I do think our tastes form young. And it was quite an adjustment for myself to go from soft, white bread to the healthy whole grain kind. And look at all the cultures where kids are fed with what we’d consider strong spices. Food for thought today, Cammy. Pun intended:)

  3. “Let every baby’s first grain be a whole grain” Amen!

    I always wonder if I was exposed to more different foods as a youngster if I would have avoided a weight problem growing up. I was a notoriuosly picky eater liking carbs, meat, and potatoes.

  4. Hmmm…no babies around here either. In the hospital we use the rice cereal occasionally, but I always thought it was for our babies with very delicate systems. I had no idea, really, that it was the major baby food used in the real world.

  5. Certainly food for thought.

    But here’s the rub.

    My first cereal was called Farex, a kind of fine wheat porridge. Then came sieved veggies, always silverbeet/chard and carrots with some potato and meat juices. Graduating by degrees to adult food as we grew teeth. Eggs fitted in there too somewhere. I was born a few months before WW 2 and New Zealand was very patriotic and supportive of Britain so we had food rationing. I think as far as my family were concerned this probably had limited affect as we lived mostly off our land and my mother made her own butter. She would have bought bread and done baking with limited amounts of sugar. There was only the fruit we grew ourselves and I don’t remember us growing much, so fruit was a something we had at Grandmother’s. She had an orchard.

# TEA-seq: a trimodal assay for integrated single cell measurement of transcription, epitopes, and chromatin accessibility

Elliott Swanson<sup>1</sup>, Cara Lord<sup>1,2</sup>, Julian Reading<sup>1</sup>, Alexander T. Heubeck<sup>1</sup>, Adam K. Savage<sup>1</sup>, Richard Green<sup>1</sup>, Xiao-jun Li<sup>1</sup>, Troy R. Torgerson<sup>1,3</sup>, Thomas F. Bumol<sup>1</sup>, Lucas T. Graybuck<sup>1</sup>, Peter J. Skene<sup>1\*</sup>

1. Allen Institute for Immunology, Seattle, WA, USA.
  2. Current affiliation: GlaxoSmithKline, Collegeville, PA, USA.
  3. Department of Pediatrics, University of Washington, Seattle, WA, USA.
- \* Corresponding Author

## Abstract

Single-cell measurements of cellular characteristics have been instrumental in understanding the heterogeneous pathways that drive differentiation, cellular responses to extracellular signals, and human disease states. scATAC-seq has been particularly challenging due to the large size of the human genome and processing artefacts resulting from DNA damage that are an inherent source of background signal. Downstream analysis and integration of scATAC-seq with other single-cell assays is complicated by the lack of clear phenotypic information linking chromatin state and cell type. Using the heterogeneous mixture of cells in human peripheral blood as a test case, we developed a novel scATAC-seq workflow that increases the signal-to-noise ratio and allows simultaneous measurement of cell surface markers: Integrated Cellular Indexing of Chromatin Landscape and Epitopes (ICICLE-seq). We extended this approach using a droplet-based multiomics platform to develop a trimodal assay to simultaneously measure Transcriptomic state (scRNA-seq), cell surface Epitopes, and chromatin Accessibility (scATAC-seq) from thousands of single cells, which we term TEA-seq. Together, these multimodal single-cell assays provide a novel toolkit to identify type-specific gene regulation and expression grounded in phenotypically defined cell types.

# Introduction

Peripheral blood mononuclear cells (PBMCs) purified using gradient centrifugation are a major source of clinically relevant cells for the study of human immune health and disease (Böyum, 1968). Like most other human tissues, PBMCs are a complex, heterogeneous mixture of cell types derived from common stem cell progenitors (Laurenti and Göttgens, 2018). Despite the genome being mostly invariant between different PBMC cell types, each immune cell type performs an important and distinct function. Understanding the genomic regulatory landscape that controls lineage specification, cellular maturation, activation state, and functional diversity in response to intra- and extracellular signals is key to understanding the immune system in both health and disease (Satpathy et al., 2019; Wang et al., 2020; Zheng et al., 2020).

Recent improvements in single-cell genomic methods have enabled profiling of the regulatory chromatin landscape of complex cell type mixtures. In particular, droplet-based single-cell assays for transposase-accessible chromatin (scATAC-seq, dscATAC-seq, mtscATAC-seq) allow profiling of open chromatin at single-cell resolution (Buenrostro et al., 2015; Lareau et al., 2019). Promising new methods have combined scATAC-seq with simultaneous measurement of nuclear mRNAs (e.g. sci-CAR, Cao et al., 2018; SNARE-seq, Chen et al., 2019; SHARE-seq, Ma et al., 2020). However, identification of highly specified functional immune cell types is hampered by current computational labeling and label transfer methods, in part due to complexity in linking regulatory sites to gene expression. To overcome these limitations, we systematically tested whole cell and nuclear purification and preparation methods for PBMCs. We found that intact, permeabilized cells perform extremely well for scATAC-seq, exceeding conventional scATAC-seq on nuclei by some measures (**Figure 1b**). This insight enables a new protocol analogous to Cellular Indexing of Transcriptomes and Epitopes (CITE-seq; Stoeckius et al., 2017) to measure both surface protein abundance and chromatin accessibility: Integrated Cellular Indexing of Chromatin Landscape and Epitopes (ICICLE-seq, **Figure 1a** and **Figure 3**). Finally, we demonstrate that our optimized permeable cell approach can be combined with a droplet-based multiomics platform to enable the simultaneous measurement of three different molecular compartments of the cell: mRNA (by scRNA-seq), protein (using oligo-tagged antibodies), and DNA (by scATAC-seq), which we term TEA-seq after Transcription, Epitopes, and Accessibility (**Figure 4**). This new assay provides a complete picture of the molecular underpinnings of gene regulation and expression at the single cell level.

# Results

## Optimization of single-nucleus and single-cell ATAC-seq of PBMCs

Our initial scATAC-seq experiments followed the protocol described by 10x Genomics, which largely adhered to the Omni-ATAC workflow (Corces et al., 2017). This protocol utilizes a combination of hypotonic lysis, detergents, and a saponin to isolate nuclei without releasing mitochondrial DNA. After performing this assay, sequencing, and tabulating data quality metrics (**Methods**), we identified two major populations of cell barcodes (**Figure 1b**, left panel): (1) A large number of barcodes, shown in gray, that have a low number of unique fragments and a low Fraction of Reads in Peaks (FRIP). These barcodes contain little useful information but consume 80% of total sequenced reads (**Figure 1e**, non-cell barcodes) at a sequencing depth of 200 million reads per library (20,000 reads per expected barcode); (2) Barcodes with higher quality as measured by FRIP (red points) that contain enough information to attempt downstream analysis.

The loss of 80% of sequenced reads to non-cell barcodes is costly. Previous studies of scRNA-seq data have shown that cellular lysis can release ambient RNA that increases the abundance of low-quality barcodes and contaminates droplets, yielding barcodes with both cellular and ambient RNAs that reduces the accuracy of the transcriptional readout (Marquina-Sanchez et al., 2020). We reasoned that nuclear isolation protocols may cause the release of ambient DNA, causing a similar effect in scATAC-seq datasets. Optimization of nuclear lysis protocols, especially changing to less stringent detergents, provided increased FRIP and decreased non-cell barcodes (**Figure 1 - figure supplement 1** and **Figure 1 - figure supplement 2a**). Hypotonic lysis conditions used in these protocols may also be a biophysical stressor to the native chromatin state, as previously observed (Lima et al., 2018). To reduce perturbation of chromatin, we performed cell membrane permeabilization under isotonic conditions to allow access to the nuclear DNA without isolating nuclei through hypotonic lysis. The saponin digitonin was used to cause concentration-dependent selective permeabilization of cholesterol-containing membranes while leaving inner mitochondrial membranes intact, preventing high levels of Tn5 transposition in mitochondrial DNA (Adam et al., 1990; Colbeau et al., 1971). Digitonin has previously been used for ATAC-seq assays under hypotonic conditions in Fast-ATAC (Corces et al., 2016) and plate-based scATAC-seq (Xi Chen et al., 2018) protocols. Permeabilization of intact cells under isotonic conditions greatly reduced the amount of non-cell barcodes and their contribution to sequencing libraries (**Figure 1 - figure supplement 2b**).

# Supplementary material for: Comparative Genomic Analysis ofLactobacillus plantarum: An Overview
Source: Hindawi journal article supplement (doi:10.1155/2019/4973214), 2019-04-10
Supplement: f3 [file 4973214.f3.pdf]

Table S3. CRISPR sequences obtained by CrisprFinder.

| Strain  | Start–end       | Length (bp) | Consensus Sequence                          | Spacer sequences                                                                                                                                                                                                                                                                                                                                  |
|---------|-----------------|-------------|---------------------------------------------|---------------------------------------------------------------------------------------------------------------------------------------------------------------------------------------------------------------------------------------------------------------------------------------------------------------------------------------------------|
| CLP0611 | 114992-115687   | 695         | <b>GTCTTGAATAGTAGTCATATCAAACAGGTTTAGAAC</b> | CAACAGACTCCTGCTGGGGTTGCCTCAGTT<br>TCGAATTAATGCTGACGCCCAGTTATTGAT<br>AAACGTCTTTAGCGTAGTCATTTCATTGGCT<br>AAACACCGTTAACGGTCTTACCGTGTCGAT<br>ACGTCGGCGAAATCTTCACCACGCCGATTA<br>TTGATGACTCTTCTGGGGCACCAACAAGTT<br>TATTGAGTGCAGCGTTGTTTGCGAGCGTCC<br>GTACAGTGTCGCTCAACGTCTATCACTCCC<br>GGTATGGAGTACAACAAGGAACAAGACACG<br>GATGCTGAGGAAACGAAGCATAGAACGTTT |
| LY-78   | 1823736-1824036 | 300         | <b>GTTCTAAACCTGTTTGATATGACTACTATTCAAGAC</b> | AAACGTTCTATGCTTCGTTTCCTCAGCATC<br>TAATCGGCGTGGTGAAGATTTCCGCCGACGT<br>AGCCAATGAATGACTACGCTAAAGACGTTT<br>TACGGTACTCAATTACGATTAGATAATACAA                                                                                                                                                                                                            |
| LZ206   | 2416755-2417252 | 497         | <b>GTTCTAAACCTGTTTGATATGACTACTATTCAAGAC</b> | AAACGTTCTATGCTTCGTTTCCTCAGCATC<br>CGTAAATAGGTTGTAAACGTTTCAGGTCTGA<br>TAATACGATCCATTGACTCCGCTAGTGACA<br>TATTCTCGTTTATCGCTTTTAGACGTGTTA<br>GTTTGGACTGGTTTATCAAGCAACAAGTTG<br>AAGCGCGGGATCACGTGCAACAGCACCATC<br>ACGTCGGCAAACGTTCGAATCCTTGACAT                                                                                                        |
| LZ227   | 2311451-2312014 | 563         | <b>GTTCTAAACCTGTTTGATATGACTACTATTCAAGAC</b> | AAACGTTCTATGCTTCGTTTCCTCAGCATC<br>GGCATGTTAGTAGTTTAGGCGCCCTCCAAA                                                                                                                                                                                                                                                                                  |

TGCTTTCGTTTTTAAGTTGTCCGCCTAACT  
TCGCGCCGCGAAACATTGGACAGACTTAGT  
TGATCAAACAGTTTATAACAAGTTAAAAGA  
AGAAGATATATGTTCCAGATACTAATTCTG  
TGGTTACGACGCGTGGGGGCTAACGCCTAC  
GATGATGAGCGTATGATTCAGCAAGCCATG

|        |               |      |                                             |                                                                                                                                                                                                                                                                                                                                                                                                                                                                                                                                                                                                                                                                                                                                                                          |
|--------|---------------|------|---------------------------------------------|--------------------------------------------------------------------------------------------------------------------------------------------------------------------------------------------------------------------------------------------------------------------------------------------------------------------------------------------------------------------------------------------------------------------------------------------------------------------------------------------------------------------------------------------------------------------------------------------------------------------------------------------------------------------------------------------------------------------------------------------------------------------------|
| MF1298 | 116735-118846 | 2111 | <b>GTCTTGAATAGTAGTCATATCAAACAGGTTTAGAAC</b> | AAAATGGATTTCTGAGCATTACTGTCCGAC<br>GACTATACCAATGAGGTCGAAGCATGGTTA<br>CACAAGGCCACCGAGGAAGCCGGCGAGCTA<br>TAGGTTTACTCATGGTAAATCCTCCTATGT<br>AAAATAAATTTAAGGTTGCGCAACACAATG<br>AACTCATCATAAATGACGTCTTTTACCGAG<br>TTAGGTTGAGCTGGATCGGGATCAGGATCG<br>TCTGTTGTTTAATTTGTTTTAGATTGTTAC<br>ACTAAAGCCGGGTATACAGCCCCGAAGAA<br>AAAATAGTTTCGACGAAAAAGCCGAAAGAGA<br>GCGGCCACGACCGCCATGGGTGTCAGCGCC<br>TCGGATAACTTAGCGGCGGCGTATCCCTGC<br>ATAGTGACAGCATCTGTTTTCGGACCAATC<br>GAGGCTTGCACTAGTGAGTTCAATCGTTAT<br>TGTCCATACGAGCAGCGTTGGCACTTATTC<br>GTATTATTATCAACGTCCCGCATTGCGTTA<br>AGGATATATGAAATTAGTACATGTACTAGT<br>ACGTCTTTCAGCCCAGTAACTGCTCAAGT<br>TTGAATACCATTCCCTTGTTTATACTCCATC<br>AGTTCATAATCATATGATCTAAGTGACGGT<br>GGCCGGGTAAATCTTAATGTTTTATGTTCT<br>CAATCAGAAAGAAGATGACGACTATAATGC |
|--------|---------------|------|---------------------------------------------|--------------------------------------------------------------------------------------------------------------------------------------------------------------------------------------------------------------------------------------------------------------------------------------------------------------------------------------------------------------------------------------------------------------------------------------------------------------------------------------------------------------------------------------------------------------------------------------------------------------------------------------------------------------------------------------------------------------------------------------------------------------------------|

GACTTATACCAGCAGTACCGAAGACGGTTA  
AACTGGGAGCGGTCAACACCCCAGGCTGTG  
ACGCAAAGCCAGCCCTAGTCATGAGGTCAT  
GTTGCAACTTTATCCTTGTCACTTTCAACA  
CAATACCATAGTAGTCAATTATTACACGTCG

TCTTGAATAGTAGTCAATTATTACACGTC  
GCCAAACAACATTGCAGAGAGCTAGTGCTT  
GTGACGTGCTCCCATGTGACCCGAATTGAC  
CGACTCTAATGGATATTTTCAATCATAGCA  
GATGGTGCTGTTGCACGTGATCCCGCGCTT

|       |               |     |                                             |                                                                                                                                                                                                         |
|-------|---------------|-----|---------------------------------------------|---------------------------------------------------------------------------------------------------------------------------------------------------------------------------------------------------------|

No processed food. Limited wheat products and little sugar. There weren’t many overweight people and we did one heck of a lot more exercise, or at least our parents did. Children were expected to be slightly chubby, but not fat, to be healthy. Round rosy cheeks were important so we usually got fed some disgusting supplement with castor oil in it.

    So why am I fat/obese now? Personally I think mothers who avoid heavily processed baby foods do a better job now than ever. Their children usually get a wider variety of natural food than has ever been.

    It’s the Take Away trade that has done the most damage. When people face the facts of fast food and fries and make better choices general health improves. I’m all for Jaimie Oliver but I don’t think for one minute it will solve the problem of obesity completely. Obesity will always be a complex issue.

    My own children, the eldest of whom is 46, grew up on almost exactly the same kind of food as I did. We did have some canned baby foods but they were only used when travelling or in emergencies, such as when I was sick.

    Sorry to prick the bubble but we develop food preferences as we grow older and taste buds develop. Much of today’s obesity is down to our choices with as much genetic propensity as you like to throw in.

    Interesting subject to ponder.

  6. Hi Cammy,
    Just found your blog via Michele’s Healthy Cultiviations site. Wanted to say hi and tell you how much I like it! I’ve bookmarked it and will visit often.

  7. Personally, I think setting your kids up for health from a very early age is important. I grew up on less than great choices & I learned to like that stuff & not so much healthier options. Yes, I got my taste buds & the food I ate to change later BUT I was heavy for a lot of years & took a tool on my self worth.

    I am for anything that helps kids start out in a better way…